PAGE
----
An Intracellular-targeted Cancer Medicine

A small molecule-based cancer therapy was developed by synergizing the enzyme instructed supramolecular assembly (EISA) and bioorthogonal cleavage reaction to unleash an anti-cancer drug on demand.
An Intracellular-targeted Cancer Medicine

Adverse drug reactions (ADRs) on normal cell populations and critical organs severely limited the applicable dosage of many anticancer drugs, which may ultimately result in cancer recurrence and metastasis. Here we coupled the enzyme instructed supramolecular assembly (EISA) with the tetrazine / trans-cyclooctene (TCO)-based bioorthogonal cleavage reaction to selectively activate a prodrug within cancer cells, achieving the urgently desired tumor selectivity for chemotherapy (Figure 1).

Given the over-expressing phosphatase in cervical cancer cells, we designed a bifunctional molecule composed of a phosphatase responsive assembly precursor and a bioorthogonal cleavage trigger-tetrazine (Tz). The phosphatase triggered EISA can selectively occur inside cancer cells to achieve cancer-specific accumulation of Tz, which can subsequently trigger the rescue of the TCO-caged doxorubicin prodrug (TCO-Dox) via an inverse electron demand Diels-Alder reaction. TCO-Dox showed little toxicity against normal cells, enhancing the selectivity of this bioorthogonal activate-able prodrug by 1-2 orders of magnitude as that of native Dox. This new prodrug activation strategy exhibited high tumour inhibition efficacy with satisfactory biocompatibility, pharmacokinetics, and safety with an in vivo setting. Overall, the synergistic enzymatic and bioorthogonal reactions enabled spatiotemporal-controlled prodrug activation with superior selectivity towards cancer cells over normal cells. This work opens a new appealing avenue for ADR reduction in chemotherapy, which may achieve safe and sustained tumor inhibition.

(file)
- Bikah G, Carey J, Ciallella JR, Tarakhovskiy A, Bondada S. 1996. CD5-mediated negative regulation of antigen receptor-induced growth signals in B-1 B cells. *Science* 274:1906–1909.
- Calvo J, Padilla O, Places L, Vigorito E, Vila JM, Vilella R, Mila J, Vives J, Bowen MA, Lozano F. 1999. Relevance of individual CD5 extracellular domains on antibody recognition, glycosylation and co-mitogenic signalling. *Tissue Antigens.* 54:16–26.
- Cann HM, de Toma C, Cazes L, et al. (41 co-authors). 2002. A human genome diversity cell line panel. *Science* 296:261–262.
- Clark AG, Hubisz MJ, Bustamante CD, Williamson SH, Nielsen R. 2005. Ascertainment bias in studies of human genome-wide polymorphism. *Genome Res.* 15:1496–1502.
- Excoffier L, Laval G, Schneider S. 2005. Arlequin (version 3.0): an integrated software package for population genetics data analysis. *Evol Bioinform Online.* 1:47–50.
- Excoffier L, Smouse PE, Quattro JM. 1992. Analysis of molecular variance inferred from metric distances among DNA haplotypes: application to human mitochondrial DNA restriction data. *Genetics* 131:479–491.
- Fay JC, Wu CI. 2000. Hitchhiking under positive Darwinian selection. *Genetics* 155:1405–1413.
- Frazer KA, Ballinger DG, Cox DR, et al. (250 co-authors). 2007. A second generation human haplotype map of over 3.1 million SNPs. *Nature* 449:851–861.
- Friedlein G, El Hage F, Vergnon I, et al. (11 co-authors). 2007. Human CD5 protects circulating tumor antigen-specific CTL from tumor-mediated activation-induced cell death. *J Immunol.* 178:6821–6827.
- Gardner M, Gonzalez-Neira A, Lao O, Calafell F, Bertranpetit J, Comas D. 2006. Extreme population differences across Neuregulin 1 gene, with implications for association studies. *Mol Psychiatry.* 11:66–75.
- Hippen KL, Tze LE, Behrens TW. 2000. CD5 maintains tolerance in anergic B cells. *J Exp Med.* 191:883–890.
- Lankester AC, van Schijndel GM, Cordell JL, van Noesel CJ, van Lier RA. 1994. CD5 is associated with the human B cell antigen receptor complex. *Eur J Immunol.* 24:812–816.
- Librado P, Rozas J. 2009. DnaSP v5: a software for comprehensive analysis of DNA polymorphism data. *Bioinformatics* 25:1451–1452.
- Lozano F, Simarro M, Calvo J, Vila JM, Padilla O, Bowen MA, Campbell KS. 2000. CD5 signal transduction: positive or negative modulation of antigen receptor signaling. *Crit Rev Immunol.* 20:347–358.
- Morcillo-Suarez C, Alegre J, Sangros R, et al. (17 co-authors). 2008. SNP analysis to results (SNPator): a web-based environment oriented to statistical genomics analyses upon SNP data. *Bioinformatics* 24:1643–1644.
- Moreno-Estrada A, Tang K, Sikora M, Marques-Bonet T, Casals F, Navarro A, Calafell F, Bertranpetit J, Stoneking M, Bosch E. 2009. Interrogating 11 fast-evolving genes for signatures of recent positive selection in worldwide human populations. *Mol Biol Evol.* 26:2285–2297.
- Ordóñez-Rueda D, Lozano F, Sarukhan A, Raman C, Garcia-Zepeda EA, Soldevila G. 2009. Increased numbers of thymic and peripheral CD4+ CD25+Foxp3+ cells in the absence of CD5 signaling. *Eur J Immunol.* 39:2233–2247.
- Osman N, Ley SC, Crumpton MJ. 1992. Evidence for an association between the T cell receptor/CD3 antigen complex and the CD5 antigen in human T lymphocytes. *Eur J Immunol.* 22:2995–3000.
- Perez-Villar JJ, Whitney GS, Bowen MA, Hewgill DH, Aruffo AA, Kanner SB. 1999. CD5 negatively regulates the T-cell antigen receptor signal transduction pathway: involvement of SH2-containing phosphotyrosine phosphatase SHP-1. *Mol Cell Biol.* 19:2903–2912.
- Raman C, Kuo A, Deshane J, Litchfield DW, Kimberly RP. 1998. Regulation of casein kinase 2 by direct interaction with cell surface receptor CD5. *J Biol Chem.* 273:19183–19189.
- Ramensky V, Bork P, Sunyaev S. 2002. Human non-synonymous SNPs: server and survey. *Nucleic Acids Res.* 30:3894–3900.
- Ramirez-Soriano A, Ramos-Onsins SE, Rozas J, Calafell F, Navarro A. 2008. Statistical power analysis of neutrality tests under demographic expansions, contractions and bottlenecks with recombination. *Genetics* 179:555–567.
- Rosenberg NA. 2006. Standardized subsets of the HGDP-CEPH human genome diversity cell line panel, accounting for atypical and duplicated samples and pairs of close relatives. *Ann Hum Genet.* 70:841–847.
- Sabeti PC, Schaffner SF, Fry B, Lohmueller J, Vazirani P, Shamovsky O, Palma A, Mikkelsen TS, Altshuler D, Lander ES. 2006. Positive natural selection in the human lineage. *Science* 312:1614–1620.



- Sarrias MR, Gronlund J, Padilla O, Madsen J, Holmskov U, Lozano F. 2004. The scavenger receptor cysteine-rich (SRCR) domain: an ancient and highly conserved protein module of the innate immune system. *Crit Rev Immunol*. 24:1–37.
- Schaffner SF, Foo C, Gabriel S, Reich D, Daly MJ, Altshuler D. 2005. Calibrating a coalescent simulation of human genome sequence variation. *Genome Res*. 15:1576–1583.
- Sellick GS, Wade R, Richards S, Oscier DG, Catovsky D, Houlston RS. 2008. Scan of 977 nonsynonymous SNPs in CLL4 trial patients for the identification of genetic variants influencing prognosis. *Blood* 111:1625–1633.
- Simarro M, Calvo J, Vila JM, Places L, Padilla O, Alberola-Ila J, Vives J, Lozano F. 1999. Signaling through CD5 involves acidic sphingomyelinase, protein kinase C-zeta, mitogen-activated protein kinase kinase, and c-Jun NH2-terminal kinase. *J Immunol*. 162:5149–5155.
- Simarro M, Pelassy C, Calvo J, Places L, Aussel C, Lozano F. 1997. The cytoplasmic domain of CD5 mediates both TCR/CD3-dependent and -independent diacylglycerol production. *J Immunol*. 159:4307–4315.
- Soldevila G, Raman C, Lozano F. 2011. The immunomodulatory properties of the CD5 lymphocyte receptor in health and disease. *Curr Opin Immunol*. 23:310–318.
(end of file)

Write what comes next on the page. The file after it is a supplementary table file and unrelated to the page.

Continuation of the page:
Noteworthy, the bioorthogonal TCO-caging method is readily applicable to various functional moieties to generate cleavable TCO carbamates, esters, carbonates, or even ethers. The versatility of this chemical caging strategy could be adapted to a vast range of cytotoxic compounds, expanding the scope of anticancer therapeutic agents. Meanwhile, the subcellular-localized feature of our EISA-triggered self-assembly (e.g., near microtubules) could be leveraged to bring certain toxins (e.g., maytansine) in close proximity to the corresponding cellular targets with further enhanced therapeutic efficacy. We envision that integration of enzymatic and bioorthogonal reactions will serve as a general small-molecule-based, intracellular-targeted chemotherapy with significantly alleviated ADRs.

The study, published in Nature Communications (Nat. Commun., 2018, 9, 5032), can be downloaded from the link below.

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